Google gave Android creator Andy Rubin US$90 million, but ‘hid sexual misconduct claim’ that triggered exit
- Google says it has fired 48 people for harassment in two years, after The New York Times reported Andy Rubin was accused of forcing employee to give oral sex
- The inventor of the mobile software was involved in ‘ownership relationships’, a lawsuit said, in which he told one woman ‘I can loan you to other people’
Google gave a US$90million severance package to Andy Rubin, the creator of the Android mobile software, but concealed details of a sexual misconduct allegation that triggered his departure, The New York Times has reported.
In a response to the article, Google said it had fired 48 employees in the past two years, including 13 senior executives, as a result of sexual harassment allegations, citing “an increasingly hard line” on inappropriate conduct.
According to unnamed sources who spoke to The Times, Google investigated and found credible claims from a female employee, who said Rubin forced her to perform oral sex in a hotel room in 2013.
Soon after, Larry Page, Google’s former CEO, asked for Rubin’s resignation. However, the company continued to pay him millions of dollars in instalments of US$2 million per month for four years.
Page praised Rubin when he left the company, saying in a 2014 public statement: “I want to wish Andy all the best with what’s next. With Android, he created something truly remarkable – with a billion-plus happy users.”
The US tech giant issued a statement from chief executive Sundar Pichai. “In recent years, we’ve made a number of changes, including taking an increasingly hard line on inappropriate conduct by people in positions of authority,” Pichai said.
He added that the report on Rubin and others “was difficult to read”, but he did not directly address the claims in the article.
“We are dead serious about making sure we provide a safe and inclusive workplace,” he said. “We want to assure you that we review every single complaint about sexual harassment or inappropriate conduct, we investigate and we take action.”
Last November, the tech news site the Information reported that Rubin had an “inappropriate relationship with a subordinate,” which violated company rules. At the time, a spokesperson for Rubin said the relationship was consensual and not a misconduct violation because the female employee did not report to him, emphasising that his decision to leave the company was unrelated.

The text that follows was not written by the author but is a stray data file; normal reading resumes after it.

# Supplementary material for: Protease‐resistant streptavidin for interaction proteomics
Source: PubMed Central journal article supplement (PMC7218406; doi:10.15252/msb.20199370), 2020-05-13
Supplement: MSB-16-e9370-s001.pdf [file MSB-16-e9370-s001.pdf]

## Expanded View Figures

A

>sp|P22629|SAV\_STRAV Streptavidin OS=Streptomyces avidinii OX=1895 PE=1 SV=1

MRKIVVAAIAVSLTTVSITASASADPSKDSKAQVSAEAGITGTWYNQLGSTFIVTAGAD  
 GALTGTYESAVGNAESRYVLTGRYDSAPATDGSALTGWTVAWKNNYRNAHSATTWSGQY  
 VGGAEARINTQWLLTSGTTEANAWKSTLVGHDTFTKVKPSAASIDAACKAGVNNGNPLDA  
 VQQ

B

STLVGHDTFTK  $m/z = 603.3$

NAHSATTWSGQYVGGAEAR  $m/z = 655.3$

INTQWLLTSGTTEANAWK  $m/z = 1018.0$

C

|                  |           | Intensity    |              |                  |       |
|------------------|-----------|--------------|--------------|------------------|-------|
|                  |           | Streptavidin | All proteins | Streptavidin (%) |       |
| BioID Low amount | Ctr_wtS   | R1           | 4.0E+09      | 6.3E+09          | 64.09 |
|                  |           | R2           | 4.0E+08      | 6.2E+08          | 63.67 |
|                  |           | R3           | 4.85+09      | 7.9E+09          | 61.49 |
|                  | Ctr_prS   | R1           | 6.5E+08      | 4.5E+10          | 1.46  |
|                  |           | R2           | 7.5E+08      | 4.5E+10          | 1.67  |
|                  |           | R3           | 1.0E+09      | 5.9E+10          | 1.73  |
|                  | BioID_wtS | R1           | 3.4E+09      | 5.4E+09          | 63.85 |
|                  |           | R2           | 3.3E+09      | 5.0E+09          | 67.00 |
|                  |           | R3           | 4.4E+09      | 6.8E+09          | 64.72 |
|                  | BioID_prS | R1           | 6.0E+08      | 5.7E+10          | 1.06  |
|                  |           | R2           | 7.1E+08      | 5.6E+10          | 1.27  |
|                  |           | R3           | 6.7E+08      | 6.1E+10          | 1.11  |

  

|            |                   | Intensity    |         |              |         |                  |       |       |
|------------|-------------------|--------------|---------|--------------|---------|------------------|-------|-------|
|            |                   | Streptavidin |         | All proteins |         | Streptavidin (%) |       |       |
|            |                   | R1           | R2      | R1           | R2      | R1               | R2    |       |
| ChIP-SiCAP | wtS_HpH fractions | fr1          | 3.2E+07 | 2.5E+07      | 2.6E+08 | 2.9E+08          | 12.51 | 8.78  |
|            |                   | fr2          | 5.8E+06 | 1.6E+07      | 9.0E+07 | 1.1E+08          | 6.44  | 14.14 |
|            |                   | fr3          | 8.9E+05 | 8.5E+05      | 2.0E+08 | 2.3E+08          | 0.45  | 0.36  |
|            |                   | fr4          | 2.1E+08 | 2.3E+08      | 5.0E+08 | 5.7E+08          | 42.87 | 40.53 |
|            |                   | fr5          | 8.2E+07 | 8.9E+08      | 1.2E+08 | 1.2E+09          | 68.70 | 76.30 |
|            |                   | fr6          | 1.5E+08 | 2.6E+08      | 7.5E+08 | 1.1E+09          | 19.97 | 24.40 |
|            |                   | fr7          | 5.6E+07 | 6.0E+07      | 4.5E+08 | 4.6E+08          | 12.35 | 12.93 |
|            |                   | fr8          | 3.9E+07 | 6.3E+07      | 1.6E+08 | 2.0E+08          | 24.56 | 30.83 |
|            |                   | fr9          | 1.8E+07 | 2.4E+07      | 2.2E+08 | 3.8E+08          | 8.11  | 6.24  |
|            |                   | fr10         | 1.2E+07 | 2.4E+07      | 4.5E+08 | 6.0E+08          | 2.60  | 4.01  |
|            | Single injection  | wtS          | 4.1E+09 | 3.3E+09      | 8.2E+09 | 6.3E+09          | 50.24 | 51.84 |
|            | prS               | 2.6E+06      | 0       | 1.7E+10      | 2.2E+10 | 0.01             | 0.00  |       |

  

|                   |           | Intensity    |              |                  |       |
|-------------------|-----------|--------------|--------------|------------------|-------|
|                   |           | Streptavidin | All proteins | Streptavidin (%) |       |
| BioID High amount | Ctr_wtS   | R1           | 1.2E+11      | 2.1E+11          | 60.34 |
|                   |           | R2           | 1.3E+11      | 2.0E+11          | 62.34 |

According to the New York Times report, it was not the first time Rubin had got into trouble. In another instance, current and former Google sources told the Times, Google docked his bonus after security found bondage videos on his work computer.
Rie Rubin, his former wife, who divorced him this year, said in a civil suit that he engaged in “ownership relationships” with several other women while they were married.
In an email he sent to a woman in 2015, that was included in the suit, Rubin wrote: “Being owned is kinda like you are my property, and I can loan you to other people.”
Rubin, who joined Google in 2005 after the company acquired Android, was an integral part of growing its success. Often referred to as “the father of Android,” the engineer and entrepreneur created the software now used in 80 per cent of the world’s smartphones, which helped produce billions in profit. His net worth, according to The Times, is now roughly US$350million.
The Times also detailed Google’s rules on workplace relationships, and other ways in which it has struggled to enforce them fairly. Several head executives had relationships and extramarital affairs with subordinate employees, including David Drummond, Alphabet’s chief legal officer.
Drummond and Jennifer Blakely, a senior contract manager, dated for several years before disclosing their relationship to the human resources department, after having a child together. Blakely was then transferred to another department, before leaving a year later, having been asked to sign paperwork saying she has departed voluntarily. Drummond’s career, meanwhile, accelerated.
“For a select few, there are no consequences,” Blakely told The New York Times. “Google felt like I was the liability.”
The Times report revealed that Google had protected three executives in sexual misconduct claims over the last decade, paying them millions while keeping silent about the allegations. One of the three remained employed by the company.